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English or Spanish Science Language Articles.
In search of the language switch: An fMRI study of picture naming in Spanish-English bilinguals. For many years, researchers investigating the brain bases of bilingualism have concentrated on two basic questions. The first concerns the nature of language representation. That is, are a bilinguals' two languages represented in distinct or overlapping areas of the brain. The second basic question in the neuropsychology of bilingualism concerns the neural correlates of language switching, that is, the areas that are active when bilinguals switch from one language to the other. Performance between single-language and dual-language picture naming was compared in a group of six Spanish-English bilinguals using behavioral measures and functional magnetic resonance imaging. Participants showed slower reaction times and increased activation in the dorsolateral prefrontal cortex in the mixed language condition relative to single language condition. There was no evidence that each language was represented in different areas of the brain. Results are consistent with the view that language switching is a part of a general executive attentional system and that languages are represented in overlapping areas of the brain in early bilinguals. bl.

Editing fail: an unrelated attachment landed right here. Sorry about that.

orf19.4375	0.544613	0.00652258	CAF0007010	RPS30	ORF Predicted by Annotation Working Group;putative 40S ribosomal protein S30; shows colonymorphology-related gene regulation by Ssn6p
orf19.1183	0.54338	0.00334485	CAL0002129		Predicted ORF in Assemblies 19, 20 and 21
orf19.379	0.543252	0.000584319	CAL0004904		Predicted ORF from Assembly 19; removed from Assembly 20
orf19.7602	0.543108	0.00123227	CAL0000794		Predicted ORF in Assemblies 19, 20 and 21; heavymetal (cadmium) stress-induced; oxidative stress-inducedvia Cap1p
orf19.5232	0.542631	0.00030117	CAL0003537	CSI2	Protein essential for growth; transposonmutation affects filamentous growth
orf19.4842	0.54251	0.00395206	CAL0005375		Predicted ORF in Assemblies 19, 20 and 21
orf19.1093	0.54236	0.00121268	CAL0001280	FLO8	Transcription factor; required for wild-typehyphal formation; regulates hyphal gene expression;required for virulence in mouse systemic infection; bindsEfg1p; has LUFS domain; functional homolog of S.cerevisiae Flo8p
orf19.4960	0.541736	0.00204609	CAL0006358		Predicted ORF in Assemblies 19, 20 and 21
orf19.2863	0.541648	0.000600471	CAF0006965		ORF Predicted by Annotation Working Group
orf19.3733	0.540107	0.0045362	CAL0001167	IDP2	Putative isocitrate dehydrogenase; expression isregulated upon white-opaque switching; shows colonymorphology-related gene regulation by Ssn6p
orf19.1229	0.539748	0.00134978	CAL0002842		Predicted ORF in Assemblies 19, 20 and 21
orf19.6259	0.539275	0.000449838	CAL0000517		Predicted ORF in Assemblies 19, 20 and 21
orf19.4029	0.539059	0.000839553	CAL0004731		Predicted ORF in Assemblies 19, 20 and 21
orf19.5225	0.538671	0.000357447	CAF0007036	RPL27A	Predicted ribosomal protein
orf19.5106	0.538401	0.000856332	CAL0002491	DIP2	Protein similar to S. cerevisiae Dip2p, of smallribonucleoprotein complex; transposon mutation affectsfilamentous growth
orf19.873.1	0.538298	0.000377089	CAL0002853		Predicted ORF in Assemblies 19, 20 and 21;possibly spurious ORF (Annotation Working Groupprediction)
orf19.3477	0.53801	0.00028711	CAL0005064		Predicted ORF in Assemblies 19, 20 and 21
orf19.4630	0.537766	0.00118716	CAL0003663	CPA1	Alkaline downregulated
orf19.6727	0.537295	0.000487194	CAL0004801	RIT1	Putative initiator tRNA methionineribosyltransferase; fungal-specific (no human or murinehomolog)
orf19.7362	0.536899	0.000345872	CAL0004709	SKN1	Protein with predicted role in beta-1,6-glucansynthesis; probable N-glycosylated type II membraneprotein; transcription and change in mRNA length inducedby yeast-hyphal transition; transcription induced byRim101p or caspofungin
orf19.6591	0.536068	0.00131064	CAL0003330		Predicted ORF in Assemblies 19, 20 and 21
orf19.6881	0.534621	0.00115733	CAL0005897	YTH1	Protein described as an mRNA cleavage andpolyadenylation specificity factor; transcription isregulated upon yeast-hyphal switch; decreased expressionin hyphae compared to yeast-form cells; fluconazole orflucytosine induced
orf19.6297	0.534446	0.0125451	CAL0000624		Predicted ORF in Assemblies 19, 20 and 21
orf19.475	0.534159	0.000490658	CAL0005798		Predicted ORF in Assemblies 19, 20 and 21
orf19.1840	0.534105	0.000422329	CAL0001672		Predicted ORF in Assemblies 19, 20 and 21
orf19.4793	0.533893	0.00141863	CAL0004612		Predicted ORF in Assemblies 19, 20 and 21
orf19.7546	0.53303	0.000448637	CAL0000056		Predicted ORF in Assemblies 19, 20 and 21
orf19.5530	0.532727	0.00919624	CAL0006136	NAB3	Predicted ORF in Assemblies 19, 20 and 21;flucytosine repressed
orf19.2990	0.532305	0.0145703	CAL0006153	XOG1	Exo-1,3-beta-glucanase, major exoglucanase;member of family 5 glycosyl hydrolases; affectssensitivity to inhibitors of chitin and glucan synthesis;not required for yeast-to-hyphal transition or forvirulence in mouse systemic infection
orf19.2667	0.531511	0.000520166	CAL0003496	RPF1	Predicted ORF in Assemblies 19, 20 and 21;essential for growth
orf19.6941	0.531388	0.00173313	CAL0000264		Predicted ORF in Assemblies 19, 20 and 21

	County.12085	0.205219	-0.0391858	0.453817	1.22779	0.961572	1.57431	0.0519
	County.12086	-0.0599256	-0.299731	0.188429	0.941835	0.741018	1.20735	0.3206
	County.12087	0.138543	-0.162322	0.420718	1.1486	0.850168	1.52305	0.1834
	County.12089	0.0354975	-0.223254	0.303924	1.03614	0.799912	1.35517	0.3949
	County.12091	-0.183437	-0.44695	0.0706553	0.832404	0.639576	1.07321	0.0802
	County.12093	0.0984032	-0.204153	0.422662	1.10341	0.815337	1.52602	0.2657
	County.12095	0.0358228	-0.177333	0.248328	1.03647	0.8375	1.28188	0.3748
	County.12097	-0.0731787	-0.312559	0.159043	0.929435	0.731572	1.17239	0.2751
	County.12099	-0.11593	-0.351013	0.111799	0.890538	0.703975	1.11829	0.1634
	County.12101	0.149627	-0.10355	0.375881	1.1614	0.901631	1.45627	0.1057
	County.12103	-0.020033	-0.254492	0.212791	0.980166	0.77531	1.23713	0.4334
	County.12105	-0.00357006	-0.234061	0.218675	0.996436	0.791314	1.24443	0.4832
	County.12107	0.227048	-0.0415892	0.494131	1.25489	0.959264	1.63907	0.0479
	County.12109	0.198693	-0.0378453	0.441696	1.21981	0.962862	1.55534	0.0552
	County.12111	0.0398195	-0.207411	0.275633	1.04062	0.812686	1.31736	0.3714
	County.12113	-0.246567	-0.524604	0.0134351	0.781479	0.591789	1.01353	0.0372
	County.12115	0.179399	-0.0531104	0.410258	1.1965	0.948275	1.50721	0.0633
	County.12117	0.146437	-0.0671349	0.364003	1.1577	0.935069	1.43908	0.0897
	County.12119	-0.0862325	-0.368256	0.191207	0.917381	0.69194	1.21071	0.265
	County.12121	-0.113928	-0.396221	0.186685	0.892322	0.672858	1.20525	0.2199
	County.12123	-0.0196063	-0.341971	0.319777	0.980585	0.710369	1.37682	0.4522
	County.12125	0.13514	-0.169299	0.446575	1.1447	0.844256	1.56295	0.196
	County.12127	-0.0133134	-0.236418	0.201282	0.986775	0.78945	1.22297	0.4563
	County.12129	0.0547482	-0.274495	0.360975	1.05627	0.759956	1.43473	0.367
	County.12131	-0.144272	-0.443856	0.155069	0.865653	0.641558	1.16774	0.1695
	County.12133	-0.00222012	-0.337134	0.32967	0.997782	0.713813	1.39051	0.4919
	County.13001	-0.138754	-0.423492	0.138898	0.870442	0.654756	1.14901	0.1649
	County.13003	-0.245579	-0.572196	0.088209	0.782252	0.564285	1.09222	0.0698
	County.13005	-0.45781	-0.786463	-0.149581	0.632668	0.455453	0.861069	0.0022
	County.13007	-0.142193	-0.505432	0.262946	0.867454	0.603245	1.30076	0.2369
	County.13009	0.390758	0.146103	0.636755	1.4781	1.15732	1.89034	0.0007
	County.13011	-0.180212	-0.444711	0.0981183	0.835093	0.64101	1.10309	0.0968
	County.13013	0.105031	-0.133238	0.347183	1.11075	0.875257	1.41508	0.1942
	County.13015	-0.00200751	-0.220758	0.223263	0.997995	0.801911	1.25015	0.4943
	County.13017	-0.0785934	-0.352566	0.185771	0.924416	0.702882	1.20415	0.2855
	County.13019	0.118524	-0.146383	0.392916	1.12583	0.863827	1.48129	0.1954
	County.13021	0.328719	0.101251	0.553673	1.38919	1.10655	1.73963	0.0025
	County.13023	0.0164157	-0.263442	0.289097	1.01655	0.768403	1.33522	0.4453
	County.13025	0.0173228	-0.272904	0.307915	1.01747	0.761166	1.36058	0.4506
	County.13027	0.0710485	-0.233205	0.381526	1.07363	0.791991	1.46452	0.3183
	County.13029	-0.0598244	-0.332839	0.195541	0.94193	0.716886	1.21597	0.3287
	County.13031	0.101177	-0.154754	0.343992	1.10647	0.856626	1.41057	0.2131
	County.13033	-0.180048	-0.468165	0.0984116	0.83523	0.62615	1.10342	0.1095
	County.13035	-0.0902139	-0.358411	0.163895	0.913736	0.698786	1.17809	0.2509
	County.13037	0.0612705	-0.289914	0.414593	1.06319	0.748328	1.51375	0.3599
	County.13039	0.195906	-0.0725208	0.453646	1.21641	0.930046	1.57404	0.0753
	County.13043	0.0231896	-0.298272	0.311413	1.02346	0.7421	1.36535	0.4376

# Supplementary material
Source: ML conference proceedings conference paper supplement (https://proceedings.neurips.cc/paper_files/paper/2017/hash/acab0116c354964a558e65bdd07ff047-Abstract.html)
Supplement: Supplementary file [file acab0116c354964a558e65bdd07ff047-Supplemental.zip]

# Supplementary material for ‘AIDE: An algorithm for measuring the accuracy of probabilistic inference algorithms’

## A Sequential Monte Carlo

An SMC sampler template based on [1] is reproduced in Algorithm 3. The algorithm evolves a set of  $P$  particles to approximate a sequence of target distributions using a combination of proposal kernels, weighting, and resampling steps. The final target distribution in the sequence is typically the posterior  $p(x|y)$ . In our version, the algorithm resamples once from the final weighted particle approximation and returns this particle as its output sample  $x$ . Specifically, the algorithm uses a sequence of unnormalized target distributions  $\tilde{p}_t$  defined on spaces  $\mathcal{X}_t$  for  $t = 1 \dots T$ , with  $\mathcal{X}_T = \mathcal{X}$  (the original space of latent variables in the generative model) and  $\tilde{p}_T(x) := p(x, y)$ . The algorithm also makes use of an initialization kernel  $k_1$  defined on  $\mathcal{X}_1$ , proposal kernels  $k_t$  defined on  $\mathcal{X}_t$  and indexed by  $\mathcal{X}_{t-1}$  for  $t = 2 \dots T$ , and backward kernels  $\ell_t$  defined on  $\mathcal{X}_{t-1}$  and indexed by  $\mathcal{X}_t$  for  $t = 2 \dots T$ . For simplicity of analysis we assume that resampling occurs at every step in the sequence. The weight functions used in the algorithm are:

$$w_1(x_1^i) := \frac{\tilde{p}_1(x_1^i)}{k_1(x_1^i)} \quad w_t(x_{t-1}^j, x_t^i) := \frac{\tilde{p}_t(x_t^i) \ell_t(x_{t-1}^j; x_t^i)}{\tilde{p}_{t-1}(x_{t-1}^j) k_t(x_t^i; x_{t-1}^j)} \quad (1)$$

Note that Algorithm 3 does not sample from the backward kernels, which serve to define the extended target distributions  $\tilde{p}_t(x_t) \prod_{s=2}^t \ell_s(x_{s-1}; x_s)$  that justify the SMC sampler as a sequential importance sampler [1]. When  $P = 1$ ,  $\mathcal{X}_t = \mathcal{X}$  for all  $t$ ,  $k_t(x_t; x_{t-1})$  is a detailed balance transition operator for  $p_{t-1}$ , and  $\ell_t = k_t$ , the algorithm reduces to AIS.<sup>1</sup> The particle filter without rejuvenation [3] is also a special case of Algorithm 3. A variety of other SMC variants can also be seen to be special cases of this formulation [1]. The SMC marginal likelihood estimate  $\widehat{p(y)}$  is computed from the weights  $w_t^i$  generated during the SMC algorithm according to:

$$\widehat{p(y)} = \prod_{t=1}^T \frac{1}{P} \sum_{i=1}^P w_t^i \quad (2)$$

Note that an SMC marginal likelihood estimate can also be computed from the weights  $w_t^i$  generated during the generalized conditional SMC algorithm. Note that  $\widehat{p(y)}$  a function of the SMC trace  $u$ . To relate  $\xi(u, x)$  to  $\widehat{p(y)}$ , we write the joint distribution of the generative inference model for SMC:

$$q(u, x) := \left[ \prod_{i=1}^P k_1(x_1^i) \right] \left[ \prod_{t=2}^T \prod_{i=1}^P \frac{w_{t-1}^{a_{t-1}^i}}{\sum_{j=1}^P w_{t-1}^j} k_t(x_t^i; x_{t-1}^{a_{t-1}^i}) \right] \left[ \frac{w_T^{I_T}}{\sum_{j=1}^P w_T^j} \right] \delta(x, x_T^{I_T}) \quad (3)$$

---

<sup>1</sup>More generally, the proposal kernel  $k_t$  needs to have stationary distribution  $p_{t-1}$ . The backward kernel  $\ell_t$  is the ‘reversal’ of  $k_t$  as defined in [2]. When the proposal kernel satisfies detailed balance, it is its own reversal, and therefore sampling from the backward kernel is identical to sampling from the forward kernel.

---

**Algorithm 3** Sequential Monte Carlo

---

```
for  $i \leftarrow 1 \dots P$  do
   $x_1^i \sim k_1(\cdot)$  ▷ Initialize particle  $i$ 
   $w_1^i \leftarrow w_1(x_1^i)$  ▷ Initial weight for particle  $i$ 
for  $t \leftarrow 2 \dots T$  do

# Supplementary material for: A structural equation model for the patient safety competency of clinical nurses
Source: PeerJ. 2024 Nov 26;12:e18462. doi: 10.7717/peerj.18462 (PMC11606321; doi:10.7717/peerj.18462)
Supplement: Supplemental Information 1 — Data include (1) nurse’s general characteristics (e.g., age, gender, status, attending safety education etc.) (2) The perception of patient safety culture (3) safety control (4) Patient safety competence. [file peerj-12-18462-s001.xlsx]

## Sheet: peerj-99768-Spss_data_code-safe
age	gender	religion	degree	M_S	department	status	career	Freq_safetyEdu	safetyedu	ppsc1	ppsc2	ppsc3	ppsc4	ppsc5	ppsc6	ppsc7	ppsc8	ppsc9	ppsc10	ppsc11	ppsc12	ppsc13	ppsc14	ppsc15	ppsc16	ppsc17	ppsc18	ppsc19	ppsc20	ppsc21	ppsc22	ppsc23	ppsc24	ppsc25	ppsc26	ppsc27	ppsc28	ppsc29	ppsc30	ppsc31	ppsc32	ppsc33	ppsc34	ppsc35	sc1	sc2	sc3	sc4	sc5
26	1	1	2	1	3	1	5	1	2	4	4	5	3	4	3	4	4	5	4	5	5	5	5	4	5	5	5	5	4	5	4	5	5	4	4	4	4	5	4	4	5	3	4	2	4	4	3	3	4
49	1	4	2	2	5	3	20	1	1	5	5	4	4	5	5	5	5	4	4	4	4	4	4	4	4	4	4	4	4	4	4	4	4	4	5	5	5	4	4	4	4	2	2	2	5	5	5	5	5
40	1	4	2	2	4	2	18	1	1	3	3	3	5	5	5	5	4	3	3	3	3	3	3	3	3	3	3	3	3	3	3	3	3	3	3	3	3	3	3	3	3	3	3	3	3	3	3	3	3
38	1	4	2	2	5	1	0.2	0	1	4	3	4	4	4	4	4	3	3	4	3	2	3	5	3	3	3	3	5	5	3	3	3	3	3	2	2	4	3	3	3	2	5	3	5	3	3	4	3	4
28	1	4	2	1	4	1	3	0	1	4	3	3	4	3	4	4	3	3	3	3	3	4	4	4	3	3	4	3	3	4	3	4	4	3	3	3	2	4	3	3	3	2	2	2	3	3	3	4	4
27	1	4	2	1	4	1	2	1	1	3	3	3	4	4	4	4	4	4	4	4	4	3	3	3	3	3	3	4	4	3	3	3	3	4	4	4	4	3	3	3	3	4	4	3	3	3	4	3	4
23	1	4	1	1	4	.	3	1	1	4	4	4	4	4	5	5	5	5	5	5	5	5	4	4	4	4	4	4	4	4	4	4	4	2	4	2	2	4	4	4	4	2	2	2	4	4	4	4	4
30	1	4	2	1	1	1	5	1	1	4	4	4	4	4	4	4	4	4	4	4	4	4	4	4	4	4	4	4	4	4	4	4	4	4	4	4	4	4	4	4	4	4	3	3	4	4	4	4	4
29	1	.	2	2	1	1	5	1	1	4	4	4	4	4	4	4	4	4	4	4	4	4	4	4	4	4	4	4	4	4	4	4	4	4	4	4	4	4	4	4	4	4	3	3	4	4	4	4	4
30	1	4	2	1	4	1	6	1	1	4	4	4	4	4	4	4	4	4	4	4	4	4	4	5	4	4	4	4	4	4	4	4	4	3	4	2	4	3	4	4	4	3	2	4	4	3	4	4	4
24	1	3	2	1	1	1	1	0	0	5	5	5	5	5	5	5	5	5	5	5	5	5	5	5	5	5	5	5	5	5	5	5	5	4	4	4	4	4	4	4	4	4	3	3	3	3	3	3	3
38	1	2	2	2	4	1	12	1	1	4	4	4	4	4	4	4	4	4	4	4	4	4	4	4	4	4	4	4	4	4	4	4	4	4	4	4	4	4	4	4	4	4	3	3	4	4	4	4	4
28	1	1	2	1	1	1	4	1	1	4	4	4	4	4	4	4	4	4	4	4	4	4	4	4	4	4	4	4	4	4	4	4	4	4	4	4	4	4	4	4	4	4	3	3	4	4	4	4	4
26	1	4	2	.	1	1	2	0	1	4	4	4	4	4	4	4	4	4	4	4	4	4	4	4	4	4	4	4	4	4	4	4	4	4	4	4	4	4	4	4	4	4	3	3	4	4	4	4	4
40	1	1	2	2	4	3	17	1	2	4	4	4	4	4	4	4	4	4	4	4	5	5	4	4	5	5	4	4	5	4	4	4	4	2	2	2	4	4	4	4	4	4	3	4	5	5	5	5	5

College students with dyslexia: persistent linguistic deficits and foreign language learning. The first of these two studies compared college students with dyslexia enrolled in modified Latin and Spanish classes and non-dyslexic students enrolled in regular foreign language classes on measures of foreign language aptitude, word decoding, spelling, phonological awareness and word repetition. The groups did not differ on age or grade point average. Analyses indicated that students with dyslexia performed significantly poorer on the foreign language aptitude measures as well as on both phonological tasks, reading and spelling. In the second study, students with learning disabilities who were enrolled in a modified Latin class were not significantly different from their peers in a regular Latin class on grade point average or on performance on a proficiency examination at the end of the second semester. The data suggest that while phonological processing deficits persist into adulthood, students with dyslexia are able to acquire appropriate skills and information to successfully complete the University's foreign language requirement in classes modified to meet their needs. d